- The Washington Times - Saturday, October 26, 2002

A study by the Brookings Institution lays out several arguments to support the fact that the nation's capital deserves more direct funding from the federal government than it currently receives. The study is worthy of serious deliberations.

Currently, the District of Columbia, like states, receives federal funds for things like schools, law enforcement, Medicaid and food stamps. But the District is not a state, nor should it be. However, as the nation's capital, it should receive federal dollars in lieu of such things as federal taxes.

The Brookings study lists five options for a federal payment, including a per-capita grant, but does not make any recommendations. That is not necessary since Congress and the Bush administration are already familiar with the politics of one of the authors study former Clinton budget chief Alive Rivlin, who also headed up the congressionally created control board that oversaw D.C. government.

A new economic-policy relationship with the federal government is certainly in order. The federal government is a burden a welcome burden, but a burden nonetheless on the city when it does not pay its fair share. For example, the huge demonstrations, the tighter security since September 11 and such drain local funds. While Congress often appropriates federal dollars to help offset such costs, the burden still chiefly falls on D.C. taxpayers. That is unfair.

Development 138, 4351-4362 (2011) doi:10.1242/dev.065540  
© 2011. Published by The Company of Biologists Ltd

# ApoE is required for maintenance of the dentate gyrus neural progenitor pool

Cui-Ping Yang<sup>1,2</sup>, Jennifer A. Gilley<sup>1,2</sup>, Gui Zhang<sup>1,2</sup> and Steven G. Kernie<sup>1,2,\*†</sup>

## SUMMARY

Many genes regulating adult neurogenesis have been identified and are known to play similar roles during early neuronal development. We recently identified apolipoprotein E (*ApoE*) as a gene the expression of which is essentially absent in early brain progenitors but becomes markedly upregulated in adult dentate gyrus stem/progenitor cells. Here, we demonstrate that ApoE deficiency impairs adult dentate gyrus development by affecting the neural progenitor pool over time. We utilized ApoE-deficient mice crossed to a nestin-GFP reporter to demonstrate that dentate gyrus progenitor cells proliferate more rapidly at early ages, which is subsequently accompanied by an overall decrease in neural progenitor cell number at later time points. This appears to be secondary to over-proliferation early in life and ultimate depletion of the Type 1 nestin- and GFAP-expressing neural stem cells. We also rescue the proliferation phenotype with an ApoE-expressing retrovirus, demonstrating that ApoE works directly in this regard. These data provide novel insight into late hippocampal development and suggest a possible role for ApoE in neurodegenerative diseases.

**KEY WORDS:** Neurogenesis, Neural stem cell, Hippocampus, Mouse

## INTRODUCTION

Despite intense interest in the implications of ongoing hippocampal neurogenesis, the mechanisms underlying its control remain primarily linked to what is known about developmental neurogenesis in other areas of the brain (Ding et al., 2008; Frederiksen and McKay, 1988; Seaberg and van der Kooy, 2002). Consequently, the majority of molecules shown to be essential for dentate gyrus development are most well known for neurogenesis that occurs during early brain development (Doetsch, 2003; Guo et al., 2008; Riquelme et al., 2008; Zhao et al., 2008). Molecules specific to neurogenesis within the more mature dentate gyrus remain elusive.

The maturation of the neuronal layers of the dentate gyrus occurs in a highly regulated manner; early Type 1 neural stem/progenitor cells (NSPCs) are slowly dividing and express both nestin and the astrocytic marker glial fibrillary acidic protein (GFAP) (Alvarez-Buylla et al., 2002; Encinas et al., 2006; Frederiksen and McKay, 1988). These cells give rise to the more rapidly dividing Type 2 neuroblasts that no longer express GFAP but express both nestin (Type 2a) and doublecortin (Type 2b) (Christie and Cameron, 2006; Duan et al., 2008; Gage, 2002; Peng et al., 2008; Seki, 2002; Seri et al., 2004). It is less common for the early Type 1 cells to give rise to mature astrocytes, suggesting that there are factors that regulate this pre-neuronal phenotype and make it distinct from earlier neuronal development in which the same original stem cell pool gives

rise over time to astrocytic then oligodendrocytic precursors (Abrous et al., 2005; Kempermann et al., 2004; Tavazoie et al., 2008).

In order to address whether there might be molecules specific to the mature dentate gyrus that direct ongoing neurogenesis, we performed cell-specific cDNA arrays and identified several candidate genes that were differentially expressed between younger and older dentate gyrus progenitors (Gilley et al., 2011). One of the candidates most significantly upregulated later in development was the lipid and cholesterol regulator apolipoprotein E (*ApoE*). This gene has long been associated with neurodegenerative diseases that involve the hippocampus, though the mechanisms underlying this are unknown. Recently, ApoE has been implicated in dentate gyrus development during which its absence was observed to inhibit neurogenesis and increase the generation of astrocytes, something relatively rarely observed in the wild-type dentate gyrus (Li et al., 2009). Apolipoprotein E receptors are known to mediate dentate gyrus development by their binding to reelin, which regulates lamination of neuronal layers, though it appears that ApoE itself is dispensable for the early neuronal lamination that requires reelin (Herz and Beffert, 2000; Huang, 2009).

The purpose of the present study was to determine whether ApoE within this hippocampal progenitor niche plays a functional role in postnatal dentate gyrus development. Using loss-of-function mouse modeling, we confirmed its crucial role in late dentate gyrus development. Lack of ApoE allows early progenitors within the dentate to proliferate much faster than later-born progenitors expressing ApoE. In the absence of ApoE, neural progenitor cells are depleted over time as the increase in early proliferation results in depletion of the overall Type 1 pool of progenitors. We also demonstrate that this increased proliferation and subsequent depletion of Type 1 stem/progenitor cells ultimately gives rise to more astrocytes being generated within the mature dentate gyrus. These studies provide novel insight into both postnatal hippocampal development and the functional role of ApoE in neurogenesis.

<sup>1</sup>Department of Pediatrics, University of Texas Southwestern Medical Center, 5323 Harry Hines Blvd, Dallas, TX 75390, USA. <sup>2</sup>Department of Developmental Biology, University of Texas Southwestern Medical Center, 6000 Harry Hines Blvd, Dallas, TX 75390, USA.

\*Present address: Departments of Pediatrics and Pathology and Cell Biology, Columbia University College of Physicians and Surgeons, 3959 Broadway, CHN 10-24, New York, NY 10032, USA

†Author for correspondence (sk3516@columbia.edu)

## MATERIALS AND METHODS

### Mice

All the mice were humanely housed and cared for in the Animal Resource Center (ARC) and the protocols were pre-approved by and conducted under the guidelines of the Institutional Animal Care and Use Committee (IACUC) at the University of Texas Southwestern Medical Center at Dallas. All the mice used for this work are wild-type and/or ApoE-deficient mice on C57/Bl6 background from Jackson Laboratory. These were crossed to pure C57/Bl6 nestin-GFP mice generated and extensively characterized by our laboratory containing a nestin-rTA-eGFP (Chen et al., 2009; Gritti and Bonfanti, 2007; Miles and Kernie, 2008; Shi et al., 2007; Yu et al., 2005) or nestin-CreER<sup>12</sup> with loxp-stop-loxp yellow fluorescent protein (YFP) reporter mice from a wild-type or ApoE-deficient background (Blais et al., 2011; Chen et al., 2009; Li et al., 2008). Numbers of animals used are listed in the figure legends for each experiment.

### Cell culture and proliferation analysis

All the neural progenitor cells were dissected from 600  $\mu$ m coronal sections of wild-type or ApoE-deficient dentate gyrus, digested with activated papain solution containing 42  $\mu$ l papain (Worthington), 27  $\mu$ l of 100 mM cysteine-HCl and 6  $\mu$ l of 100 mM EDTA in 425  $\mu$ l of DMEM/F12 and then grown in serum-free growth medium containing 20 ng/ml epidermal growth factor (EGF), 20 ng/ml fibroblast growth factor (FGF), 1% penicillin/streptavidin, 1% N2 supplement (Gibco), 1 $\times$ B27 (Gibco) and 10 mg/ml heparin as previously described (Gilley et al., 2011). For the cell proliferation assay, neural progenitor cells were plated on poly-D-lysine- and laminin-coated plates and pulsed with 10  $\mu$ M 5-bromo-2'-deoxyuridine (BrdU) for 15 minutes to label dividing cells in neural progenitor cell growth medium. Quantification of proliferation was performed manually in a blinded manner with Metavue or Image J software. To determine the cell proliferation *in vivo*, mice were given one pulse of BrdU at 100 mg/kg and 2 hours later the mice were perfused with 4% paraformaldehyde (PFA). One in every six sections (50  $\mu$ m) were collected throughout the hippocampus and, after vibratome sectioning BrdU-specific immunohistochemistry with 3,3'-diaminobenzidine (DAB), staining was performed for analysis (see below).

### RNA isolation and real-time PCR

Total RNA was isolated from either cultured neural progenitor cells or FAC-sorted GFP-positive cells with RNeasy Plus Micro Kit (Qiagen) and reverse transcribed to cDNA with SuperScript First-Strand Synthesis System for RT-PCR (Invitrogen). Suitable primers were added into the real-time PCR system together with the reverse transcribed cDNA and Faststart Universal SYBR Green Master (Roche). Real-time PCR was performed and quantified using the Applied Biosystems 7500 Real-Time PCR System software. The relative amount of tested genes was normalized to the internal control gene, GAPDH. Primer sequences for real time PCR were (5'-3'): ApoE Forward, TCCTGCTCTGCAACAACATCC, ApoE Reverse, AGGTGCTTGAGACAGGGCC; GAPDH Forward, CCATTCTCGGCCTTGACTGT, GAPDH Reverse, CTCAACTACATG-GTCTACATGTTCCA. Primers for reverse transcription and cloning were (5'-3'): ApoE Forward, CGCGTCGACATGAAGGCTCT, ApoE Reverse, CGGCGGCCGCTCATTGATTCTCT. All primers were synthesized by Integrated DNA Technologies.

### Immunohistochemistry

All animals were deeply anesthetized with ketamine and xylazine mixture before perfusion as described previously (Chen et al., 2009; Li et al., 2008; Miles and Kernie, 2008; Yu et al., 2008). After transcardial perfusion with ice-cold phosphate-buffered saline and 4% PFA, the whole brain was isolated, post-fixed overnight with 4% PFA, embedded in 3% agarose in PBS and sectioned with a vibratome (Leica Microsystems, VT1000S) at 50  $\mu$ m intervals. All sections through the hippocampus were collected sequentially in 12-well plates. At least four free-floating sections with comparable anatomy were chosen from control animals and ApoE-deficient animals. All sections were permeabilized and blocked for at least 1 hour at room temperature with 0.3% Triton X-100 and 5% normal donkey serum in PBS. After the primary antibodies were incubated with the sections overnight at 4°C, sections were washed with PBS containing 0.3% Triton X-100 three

Until the late-1990s, the federal government gave a set annual payment to the District. That ended when the Clinton administration instead offered to pick up a larger share of the tab on some state-related costs, such as Medicaid. However, reconfiguration of a long-term and sustainable federal payment would be better.

As things now stand, the General Accounting Office, the investigative arm of Congress, is doing a comparative study of D.C. finances vs. those in other cities. After that report is delivered, Congress next year should convene discussions on a federal payment in lieu of taxes, cost-cutting measures, and the like. Some D.C. leaders, of course, are anxious. The city has a $323 million deficit, and elected officials up for reelection had to made some tough calls because of overspending. That is another reason why the GAO will prove helpful.

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